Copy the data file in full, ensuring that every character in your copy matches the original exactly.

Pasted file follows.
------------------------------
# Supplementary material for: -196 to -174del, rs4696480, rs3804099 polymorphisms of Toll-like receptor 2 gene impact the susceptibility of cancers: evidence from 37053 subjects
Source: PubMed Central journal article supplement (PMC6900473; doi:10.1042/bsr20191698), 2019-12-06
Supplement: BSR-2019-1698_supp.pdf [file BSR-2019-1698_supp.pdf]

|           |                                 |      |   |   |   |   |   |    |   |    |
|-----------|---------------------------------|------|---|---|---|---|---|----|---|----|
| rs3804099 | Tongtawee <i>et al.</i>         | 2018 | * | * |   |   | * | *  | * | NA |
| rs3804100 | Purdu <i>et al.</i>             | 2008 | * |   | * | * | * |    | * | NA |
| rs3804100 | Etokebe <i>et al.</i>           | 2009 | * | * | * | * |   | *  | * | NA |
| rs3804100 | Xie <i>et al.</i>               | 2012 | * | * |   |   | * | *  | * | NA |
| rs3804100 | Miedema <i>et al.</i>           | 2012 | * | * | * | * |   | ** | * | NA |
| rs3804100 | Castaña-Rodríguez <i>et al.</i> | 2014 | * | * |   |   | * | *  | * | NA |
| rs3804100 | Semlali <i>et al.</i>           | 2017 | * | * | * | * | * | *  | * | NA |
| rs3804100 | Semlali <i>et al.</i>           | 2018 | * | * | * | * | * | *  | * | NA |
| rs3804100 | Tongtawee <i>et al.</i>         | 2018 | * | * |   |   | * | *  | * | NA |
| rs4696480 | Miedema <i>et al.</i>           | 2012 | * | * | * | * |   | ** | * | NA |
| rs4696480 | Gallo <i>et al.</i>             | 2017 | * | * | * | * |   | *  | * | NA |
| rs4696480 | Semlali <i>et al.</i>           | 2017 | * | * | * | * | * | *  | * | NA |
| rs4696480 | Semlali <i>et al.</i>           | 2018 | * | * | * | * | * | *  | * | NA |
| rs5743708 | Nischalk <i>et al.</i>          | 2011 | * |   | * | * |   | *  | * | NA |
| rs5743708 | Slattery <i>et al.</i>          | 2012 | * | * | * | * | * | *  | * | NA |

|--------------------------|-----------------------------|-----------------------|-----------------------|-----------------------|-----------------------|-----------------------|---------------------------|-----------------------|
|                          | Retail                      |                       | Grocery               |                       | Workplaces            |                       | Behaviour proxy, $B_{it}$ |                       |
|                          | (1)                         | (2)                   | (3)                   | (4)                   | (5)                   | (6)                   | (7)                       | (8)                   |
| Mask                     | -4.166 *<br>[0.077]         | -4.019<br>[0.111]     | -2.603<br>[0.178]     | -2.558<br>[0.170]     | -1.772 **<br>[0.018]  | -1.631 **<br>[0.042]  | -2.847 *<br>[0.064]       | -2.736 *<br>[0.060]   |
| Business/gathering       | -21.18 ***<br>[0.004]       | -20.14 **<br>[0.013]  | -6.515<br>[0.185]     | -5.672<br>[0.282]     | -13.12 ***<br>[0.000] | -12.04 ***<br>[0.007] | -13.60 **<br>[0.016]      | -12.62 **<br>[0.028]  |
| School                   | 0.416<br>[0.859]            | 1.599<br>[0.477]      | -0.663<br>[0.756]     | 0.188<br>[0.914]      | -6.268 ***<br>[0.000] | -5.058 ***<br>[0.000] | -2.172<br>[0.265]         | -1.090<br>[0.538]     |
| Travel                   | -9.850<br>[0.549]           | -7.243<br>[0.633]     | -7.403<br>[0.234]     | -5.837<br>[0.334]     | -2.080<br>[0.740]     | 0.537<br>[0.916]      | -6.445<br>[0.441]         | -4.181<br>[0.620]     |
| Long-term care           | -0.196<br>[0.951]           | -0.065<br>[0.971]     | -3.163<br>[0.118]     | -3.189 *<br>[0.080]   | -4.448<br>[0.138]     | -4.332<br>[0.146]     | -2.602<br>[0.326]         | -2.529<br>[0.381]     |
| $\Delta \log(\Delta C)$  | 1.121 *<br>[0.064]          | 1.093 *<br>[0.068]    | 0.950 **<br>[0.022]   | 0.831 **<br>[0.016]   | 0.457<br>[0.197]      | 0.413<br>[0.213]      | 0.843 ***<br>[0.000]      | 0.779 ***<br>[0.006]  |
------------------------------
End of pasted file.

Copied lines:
# Supplementary material for: -196 to -174del, rs4696480, rs3804099 polymorphisms of Toll-like receptor 2 gene impact the susceptibility of cancers: evidence from 37053 subjects
Source: PubMed Central journal article supplement (PMC6900473; doi:10.1042/bsr20191698), 2019-12-06
Supplement: BSR-2019-1698_supp.pdf [file BSR-2019-1698_supp.pdf]

|           |                                 |      |   |   |   |   |   |    |   |    |
|-----------|---------------------------------|------|---|---|---|---|---|----|---|----|
| rs3804099 | Tongtawee <i>et al.</i>         | 2018 | * | * |   |   | * | *  | * | NA |
| rs3804100 | Purdu <i>et al.</i>             | 2008 | * |   | * | * | * |    | * | NA |
| rs3804100 | Etokebe <i>et al.</i>           | 2009 | * | * | * | * |   | *  | * | NA |
| rs3804100 | Xie <i>et al.</i>               | 2012 | * | * |   |   | * | *  | * | NA |
| rs3804100 | Miedema <i>et al.</i>           | 2012 | * | * | * | * |   | ** | * | NA |
| rs3804100 | Castaña-Rodríguez <i>et al.</i> | 2014 | * | * |   |   | * | *  | * | NA |
| rs3804100 | Semlali <i>et al.</i>           | 2017 | * | * | * | * | * | *  | * | NA |
| rs3804100 | Semlali <i>et al.</i>           | 2018 | * | * | * | * | * | *  | * | NA |
| rs3804100 | Tongtawee <i>et al.</i>         | 2018 | * | * |   |   | * | *  | * | NA |
| rs4696480 | Miedema <i>et al.</i>           | 2012 | * | * | * | * |   | ** | * | NA |
| rs4696480 | Gallo <i>et al.</i>             | 2017 | * | * | * | * |   | *  | * | NA |
| rs4696480 | Semlali <i>et al.</i>           | 2017 | * | * | * | * | * | *  | * | NA |
| rs4696480 | Semlali <i>et al.</i>           | 2018 | * | * | * | * | * | *  | * | NA |
| rs5743708 | Nischalk <i>et al.</i>          | 2011 | * |   | * | * |   | *  | * | NA |
| rs5743708 | Slattery <i>et al.</i>          | 2012 | * | * | * | * | * | *  | * | NA |

|--------------------------|-----------------------------|-----------------------|-----------------------|-----------------------|-----------------------|-----------------------|---------------------------|-----------------------|
|                          | Retail                      |                       | Grocery               |                       | Workplaces            |                       | Behaviour proxy, $B_{it}$ |                       |
|                          | (1)                         | (2)                   | (3)                   | (4)                   | (5)                   | (6)                   | (7)                       | (8)                   |
| Mask                     | -4.166 *<br>[0.077]         | -4.019<br>[0.111]     | -2.603<br>[0.178]     | -2.558<br>[0.170]     | -1.772 **<br>[0.018]  | -1.631 **<br>[0.042]  | -2.847 *<br>[0.064]       | -2.736 *<br>[0.060]   |
| Business/gathering       | -21.18 ***<br>[0.004]       | -20.14 **<br>[0.013]  | -6.515<br>[0.185]     | -5.672<br>[0.282]     | -13.12 ***<br>[0.000] | -12.04 ***<br>[0.007] | -13.60 **<br>[0.016]      | -12.62 **<br>[0.028]  |
| School                   | 0.416<br>[0.859]            | 1.599<br>[0.477]      | -0.663<br>[0.756]     | 0.188<br>[0.914]      | -6.268 ***<br>[0.000] | -5.058 ***<br>[0.000] | -2.172<br>[0.265]         | -1.090<br>[0.538]     |
| Travel                   | -9.850<br>[0.549]           | -7.243<br>[0.633]     | -7.403<br>[0.234]     | -5.837<br>[0.334]     | -2.080<br>[0.740]     | 0.537<br>[0.916]      | -6.445<br>[0.441]         | -4.181<br>[0.620]     |
| Long-term care           | -0.196<br>[0.951]           | -0.065<br>[0.971]     | -3.163<br>[0.118]     | -3.189 *<br>[0.080]   | -4.448<br>[0.138]     | -4.332<br>[0.146]     | -2.602<br>[0.326]         | -2.529<br>[0.381]     |
| $\Delta \log(\Delta C)$  | 1.121 *<br>[0.064]          | 1.093 *<br>[0.068]    | 0.950 **<br>[0.022]   | 0.831 **<br>[0.016]   | 0.457<br>[0.197]      | 0.413<br>[0.213]      | 0.843 ***<br>[0.000]      | 0.779 ***<br>[0.006]  |